We affirm. An employee's knowing violation of an employer's established policies and procedures, which has a detrimental effect on the employer's interest, has been held to constitute disqualifying misconduct (see Matter of Washington [Commissioner of Labor], 84 AD3d 1603, 1604 [2011]; Matter of Sutton [Albany Med. Ctr.—Commissioner of Labor], 84 AD3d 1621, 1622 [2011]). Here, claimant admitted to taking the bottles without paying for them and further admitted that she knew that doing so violated the employer's policies. As such, we find that substantial evidence supports the Board's decision (see Matter of Weiner [Commissioner of Labor], 47 AD3d 1040 [2008]; Matter of Wise [Commissioner of Labor], 19 AD3d 795, 795-796 [2005]). 

Mitchell H. Rubinstein


February 8, 2012 in Employment Law | Permalink | Comments (0)

Tuesday, February 7, 2012

City Not Entitled To Recoup Costs In Small Claims Action

Adams v. City of New York, ___Misc. 3d____( Richmond Co. Dec. 9, 2011), is a colorful decision. NYC, for the first time, sought to recover its costs where in prevailed in Small Claims matters-yes Small Claims. In rejecting the City's application, the court explained:

The court must applaud the creativity of the City in seeking new sources of income in these times of diminishing revenue and budgetary shortfalls. However, the attempt to slip a fast ball by the batter who's waiting for the curve, will not be successful at this time. Because the court is only aware of the filings in Richmond County, it is unable to determine if this pitch will be only fouled back (limited to Staten Island) or hit out of the park (stopped city-wide).

Regrettably, it appears to many commentators that the above words sung by Huck Finn's "Pap" in "Big River" more accurately describes the current state of affairs between the people and the government-with all levels seeking to enhance revenue streams in unique ways. Hopefully, the public official looking for new income sources is not a Broadway afficionado because if he or she has seen productions of musicals such as "Urinetown" or "Anyone Can Whistle," the citizenry could be in for some interesting times.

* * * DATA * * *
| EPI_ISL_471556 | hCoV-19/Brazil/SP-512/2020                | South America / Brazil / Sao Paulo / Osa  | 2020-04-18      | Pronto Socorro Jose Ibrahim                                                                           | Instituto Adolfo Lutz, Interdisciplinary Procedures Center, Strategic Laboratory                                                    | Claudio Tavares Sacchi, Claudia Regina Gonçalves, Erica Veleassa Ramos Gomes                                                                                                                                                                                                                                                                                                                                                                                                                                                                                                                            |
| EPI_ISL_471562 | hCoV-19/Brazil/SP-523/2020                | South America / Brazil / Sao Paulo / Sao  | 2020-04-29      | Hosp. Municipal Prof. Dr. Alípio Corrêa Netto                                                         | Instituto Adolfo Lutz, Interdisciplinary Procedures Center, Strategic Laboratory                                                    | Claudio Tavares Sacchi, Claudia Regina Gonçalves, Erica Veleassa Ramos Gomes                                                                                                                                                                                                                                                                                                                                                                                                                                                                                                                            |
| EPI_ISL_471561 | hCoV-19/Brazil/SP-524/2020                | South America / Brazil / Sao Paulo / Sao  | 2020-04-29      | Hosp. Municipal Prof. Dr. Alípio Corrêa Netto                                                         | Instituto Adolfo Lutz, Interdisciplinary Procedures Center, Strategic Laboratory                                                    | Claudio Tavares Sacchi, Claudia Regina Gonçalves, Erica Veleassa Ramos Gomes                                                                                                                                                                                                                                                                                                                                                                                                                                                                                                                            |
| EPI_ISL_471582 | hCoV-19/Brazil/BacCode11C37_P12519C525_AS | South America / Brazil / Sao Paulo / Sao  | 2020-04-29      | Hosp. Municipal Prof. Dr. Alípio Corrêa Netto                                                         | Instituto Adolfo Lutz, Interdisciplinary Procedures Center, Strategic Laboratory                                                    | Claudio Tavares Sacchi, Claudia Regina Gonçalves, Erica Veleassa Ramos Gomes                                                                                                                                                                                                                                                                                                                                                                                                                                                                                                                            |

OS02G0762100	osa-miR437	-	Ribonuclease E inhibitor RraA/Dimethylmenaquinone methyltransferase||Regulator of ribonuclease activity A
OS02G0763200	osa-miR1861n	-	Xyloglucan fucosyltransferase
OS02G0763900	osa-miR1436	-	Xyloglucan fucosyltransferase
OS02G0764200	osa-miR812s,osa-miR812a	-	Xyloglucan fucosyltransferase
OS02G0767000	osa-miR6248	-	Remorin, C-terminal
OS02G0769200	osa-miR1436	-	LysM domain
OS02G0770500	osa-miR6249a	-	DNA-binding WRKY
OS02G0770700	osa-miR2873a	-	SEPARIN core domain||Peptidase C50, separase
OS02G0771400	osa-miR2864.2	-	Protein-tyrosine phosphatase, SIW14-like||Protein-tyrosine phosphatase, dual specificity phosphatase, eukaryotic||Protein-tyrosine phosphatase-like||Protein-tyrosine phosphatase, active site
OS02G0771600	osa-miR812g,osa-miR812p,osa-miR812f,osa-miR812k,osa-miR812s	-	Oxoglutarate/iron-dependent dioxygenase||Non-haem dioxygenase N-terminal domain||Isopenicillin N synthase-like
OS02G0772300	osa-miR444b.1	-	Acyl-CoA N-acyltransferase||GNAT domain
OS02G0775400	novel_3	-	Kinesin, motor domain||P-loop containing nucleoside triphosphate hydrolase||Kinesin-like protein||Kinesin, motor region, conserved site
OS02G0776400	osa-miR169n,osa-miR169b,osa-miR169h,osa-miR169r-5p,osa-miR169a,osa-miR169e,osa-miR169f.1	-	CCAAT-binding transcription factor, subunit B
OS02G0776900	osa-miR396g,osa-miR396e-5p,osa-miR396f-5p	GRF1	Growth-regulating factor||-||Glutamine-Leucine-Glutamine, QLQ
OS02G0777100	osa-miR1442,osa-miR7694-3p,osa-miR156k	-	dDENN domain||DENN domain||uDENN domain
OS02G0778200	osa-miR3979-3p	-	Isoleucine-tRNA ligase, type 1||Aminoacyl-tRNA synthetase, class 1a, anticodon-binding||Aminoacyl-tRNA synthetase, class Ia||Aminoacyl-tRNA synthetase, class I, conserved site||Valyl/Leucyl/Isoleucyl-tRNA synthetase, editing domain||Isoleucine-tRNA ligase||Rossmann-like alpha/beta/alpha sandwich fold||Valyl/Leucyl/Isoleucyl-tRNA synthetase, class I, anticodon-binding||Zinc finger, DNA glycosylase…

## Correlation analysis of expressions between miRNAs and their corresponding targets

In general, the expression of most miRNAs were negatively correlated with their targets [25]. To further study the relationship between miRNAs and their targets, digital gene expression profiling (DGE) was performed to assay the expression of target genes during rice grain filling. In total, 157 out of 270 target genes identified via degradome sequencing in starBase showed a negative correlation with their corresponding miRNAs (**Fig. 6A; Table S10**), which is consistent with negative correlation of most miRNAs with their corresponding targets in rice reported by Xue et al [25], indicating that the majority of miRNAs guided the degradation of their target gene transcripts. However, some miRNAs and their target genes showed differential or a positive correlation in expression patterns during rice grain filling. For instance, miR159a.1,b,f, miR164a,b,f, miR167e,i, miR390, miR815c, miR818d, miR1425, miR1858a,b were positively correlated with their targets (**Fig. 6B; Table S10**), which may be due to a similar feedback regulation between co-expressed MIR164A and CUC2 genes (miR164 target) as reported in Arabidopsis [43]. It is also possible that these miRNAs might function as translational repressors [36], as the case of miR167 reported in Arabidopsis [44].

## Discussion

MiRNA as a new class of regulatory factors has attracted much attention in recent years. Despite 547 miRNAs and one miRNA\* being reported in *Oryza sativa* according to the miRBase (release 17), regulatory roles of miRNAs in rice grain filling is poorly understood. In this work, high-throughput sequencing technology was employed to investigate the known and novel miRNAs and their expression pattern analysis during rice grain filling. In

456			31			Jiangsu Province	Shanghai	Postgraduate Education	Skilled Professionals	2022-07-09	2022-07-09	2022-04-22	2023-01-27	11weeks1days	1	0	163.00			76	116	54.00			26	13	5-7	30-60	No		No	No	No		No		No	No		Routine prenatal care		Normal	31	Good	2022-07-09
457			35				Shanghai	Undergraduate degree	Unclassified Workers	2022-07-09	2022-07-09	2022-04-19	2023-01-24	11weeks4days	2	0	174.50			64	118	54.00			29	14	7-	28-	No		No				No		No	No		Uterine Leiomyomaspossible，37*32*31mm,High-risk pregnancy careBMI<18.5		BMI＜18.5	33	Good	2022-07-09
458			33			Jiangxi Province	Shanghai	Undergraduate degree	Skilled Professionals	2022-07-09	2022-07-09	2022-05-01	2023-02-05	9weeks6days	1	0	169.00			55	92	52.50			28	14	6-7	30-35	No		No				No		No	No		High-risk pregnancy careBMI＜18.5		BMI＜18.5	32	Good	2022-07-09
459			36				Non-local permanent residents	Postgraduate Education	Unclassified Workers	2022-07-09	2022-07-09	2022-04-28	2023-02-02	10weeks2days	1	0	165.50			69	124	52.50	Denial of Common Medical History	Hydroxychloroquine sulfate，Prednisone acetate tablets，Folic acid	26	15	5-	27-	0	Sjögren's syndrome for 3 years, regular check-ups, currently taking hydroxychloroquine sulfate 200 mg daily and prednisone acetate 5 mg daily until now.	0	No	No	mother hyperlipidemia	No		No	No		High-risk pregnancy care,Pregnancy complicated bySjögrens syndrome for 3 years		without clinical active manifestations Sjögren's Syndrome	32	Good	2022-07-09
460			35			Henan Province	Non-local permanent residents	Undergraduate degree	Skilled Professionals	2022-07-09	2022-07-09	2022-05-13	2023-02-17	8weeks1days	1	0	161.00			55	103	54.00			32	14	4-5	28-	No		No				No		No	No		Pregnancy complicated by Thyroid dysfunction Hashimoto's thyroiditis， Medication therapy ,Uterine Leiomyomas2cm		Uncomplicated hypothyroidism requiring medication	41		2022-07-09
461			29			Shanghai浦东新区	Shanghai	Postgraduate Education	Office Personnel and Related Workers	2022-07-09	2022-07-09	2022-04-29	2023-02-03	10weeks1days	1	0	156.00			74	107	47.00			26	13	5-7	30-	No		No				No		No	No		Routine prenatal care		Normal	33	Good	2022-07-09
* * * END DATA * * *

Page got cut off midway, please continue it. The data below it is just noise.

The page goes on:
The clerk is directed to reject these and any future applications by the City where it is a successful defendant to enter a bill of costs against a party in a small claims action.

Mitchell H. Rubinstein


February 7, 2012 in New York Law | Permalink | Comments (0)

Monday, February 6, 2012

RN Terminated For Misconduct Not Eligible For Unemployment


Matter of Meagher v. Commissioner of Labor, ___A.D.3d____(3d Dept. Nov. 10, 2011), illustrates a basic principle of employment law. A nurse discharged for misconduct is not eligible for unemployment. Here, the nurse obtained refills of a patient's prescription medications without a physician's authorization. It was irrelevant that the employer somehow tolerated this practice in the past. As the court explained:

The failure to comply with an employer's reasonable rules that has a detrimental effect on the employer's interest has been found to constitute disqualifying misconduct (see Matter of Sutton [Albany Med. Ctr.—Commissioner of Labor], 84 AD3d 1621, 1622 [2011]; Matter of Dzugas-Smith [Commissioner of Labor], 60 AD3d 1178, 1178 [2009]). Here, claimant admitted to getting a patient's prescriptions filled without the physician's knowledge or approval in clear violation of the employer's policy as well as his professional code of conduct. Although he asserted that he did this after he was repeatedly unable to reach the physician and he had followed this practice on prior occasions, this does not, under the circumstances presented, excuse claimant's behavior, which subjected the employer to potential [*2]adverse consequences (see Matter of Heintzleman [Commissioner of Labor], 288 AD2d 742, 743 [2001]; Matter of Smith [Primecare Med.—Commissioner of Labor], 269 AD2d 654 [2000], lv denied 95 NY2d 753 [2000]). Therefore, we find no reason to disturb the Board's decision.